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K. Young (London)

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Ex-Pro Notebook / Laptop Support Arm
Ex-Pro Notebook / Laptop Support Arm
Offered by ExpressPro
Price: 45.97

4 of 4 people found the following review helpful
5.0 out of 5 stars Neat Product, 11 Oct 2010
I bought one of these to use in my music studio. I have a 49-key Oxygen keyboard that used to stand end up on the floor and get in the way all the time. So, I bought one of these and attached the music keyboard to the laptop shelf. The music keyboard is, obviously, much wider than the shelf, so I used the supplied velcro pads which are easily strong enough for my "light" touch. If you have a heavy touch, you might need to attach it more solidly. I removed the integrated keyboard shelf that comes with the product as it does nothing for me. Now, when I need to use the music keyboard, I just pull it towards me and it sits just to the left and slightly above my computer keyboard allowing me to use both. When I am done, I just push the music keyboard out of the way giving me space to work with the computer. Really neat.

I am not sure why 18% of people who viewed this item chose the Lindy version. I am pretty sure they are identical in design.
Comment Comment (1) | Permalink | Most recent comment: Nov 1, 2010 6:52 PM GMT

Netgear FS105 Prosafe 5 Port Fast Ethernet Unmanaged Switch
Netgear FS105 Prosafe 5 Port Fast Ethernet Unmanaged Switch
Price: 18.22

5.0 out of 5 stars Does what it says on the tin., 6 Aug 2010
Title says it all. I have used routers, switches, hubs etc. professionally for years and, for small scale applications (e.g. home network or small business), Netgear are very good. The packaging is robust enough that you can tread on it and do it no harm. They run for months without needing reset. Since this one is a switch, you just plug it in (no configuration) and away you go. It will last for years. The only downside with this product is that it is limited to 100Mb, which is OK for a small network but if you think you need to go faster then you will need to look elsewhere.

Sony Bravia KDL40EX503U 40-inch Widescreen Full HD 1080p 100Hz LCD Internet TV with Freeview HD (discontinued by manufacturer)
Sony Bravia KDL40EX503U 40-inch Widescreen Full HD 1080p 100Hz LCD Internet TV with Freeview HD (discontinued by manufacturer)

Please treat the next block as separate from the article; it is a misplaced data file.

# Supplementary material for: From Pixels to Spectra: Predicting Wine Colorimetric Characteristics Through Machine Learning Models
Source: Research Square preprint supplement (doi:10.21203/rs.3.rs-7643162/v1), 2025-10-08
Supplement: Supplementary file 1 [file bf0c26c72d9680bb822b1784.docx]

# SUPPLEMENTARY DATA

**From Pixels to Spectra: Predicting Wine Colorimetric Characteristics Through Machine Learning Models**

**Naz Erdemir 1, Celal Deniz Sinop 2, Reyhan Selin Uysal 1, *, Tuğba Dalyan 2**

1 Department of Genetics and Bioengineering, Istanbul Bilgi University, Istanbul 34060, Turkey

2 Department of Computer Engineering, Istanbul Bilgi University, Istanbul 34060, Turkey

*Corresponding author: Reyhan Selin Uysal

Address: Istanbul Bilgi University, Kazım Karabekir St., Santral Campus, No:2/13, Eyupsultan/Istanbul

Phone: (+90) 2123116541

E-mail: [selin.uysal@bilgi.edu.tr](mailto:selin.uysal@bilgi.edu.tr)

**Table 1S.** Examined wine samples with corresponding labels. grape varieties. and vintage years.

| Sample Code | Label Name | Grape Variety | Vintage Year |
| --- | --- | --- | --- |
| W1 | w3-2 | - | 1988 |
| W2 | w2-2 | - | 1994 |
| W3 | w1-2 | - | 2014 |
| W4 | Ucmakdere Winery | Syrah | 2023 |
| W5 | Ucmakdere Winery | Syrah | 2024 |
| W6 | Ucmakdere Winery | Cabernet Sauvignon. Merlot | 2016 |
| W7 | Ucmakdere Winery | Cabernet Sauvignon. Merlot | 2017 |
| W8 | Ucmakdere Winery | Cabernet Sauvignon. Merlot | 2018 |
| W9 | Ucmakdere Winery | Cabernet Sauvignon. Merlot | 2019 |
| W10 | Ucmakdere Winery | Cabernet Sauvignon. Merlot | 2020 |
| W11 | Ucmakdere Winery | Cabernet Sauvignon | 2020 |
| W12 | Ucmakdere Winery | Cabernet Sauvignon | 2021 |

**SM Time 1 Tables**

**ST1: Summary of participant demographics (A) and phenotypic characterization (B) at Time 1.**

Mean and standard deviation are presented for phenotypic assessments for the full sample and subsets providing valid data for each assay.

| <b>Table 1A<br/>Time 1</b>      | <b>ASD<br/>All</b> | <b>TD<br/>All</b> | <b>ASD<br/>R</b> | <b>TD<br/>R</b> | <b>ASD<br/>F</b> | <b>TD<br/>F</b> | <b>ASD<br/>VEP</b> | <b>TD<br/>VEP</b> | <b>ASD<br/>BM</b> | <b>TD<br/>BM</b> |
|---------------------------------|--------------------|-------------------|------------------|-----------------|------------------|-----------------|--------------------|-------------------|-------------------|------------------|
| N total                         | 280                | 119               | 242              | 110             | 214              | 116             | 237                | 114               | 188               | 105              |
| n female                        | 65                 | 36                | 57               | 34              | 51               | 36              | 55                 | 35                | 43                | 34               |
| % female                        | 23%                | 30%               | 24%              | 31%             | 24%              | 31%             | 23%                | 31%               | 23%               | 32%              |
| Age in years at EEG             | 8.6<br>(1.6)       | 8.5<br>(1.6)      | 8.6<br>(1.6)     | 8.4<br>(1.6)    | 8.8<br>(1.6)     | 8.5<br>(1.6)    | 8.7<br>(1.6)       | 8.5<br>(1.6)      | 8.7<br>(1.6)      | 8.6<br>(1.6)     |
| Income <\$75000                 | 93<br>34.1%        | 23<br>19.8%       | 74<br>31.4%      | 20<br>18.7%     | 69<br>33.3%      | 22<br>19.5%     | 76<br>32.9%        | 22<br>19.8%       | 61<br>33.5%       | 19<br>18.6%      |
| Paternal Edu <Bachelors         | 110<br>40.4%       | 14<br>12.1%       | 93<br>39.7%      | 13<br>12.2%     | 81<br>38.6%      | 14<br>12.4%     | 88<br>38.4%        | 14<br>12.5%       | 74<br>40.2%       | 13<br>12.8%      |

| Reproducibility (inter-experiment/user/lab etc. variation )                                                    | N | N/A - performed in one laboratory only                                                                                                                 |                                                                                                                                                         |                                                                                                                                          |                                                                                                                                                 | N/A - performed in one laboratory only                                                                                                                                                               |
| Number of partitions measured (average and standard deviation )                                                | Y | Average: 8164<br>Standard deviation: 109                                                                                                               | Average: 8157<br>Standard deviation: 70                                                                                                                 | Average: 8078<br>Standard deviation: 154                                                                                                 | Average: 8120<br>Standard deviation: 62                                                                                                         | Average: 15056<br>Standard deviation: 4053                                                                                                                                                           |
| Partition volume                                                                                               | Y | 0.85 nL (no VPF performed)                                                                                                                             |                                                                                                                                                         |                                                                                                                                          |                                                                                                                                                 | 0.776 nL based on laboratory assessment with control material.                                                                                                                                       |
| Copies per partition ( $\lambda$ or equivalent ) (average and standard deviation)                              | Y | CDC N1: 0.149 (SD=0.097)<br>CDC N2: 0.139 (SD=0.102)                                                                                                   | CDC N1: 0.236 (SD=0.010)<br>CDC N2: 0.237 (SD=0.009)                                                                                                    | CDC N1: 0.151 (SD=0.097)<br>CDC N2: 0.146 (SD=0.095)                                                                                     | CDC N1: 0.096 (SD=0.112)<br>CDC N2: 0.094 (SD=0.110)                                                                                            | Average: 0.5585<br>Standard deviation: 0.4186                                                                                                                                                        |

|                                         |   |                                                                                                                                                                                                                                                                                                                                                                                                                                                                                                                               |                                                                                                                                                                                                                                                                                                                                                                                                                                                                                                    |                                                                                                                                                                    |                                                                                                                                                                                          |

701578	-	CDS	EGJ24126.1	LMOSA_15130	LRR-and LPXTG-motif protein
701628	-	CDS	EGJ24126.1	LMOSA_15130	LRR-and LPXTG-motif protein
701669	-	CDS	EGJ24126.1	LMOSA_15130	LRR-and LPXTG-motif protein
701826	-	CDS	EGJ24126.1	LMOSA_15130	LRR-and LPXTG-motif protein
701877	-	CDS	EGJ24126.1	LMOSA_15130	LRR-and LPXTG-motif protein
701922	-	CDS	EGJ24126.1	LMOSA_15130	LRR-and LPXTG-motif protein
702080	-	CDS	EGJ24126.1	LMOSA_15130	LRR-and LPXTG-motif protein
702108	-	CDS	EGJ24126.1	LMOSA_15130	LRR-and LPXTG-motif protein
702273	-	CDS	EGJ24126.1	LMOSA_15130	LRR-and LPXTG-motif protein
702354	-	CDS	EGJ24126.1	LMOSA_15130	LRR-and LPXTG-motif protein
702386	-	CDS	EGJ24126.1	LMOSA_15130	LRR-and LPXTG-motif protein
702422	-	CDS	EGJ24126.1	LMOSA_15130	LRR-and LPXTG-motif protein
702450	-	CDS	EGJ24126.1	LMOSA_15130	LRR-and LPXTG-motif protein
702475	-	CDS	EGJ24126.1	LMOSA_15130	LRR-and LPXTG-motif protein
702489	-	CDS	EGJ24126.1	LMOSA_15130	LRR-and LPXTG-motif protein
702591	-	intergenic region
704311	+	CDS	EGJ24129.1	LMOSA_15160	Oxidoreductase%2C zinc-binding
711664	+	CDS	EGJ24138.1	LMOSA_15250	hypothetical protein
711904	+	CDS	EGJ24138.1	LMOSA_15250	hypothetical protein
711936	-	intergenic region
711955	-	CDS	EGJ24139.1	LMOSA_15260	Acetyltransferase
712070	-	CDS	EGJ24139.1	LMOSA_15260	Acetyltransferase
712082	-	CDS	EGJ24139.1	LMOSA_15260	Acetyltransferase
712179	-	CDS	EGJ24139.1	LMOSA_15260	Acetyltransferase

62 of 64 people found the following review helpful
4.0 out of 5 stars Great TV, 6 Aug 2010
When you get it set up right, it's a great TV. That said, thereare a few points worth making even if they are not faults in the product.

Firstly, if you are going from a 4:3 CRT to this product, make sure you set all your input devices (e.g. freeview box, VCR, DVD, BluRay, etc) to output to widescreen or 16:9 because otherwise Smart mode will do its best with a 4:3 picture, but you will get tons of nasty stretch effects.

Secondly, because its a big TV you tend to be more conscious of mpeg artifacts that occur within the video production process whether that be from live video cameras, video production or, most commonly, introduced during distribution e.g from the internet or via cable or freeview. There is not much you can do about that. As bandwidths increase the problem should lessen over time.

Finally, Internet TV is weak at the moment. There's not much content. Most of it is Pay-Per-View, advertising or specialist stuff geared to the US market. This will improve when Sony and BBC get their acts together on iPlayer, but we are all still waiting on that (assuming the government doesn't slash funding for BBC internet projects). Same with HD content on FreeView. If you are using cable you may need an upgrade to watch HD content.

Now onto the product. I attached the base on my own. I found it tough balancing the TV, the base, a screw and a screwdriver at the same time, so try to get someone to help you when you do this.

The default colours are a bit too red/warm for my taste, but you can adjust it.

I have never much liked the XMB (cross media bar) interface. Its OK, but a bit disorganised. Having vertical columns representing inputs or settings is OK, but they have now introduced new vertical bars for media types (image, move, sound) which means the same inputs can appear on different bars, but haven't added a vertical bar for network inputs, so the underlying model of the interface is mucked up. Poor interface design causes confusion. Fortunately, humans are intelligent and adapt.

There is no clear explanation of the interaction of the scene buttons and the per-input display and audio settings, so it is a bit of trial and error. Again we adapt, in my case by leaving it alone.

The Home button on the remote is too close to the down button. This sounds picky, but when you are making you fifth attempt at adjusting something only to accidentally hit the home button again, it's frustrating.

Because of this, I'll give it a four out of five, but I mean more 4.8 out of 5 rather than 4.1.

UPDATE: BBC iPlayer now works. The TV automagically updated its sofware (I have it always connected to the internet). It's currently a Beta version. The menus are a bit slow, but it's very good all the same.
Comment Comments (2) | Permalink | Most recent comment: Jun 16, 2011 12:47 PM BST

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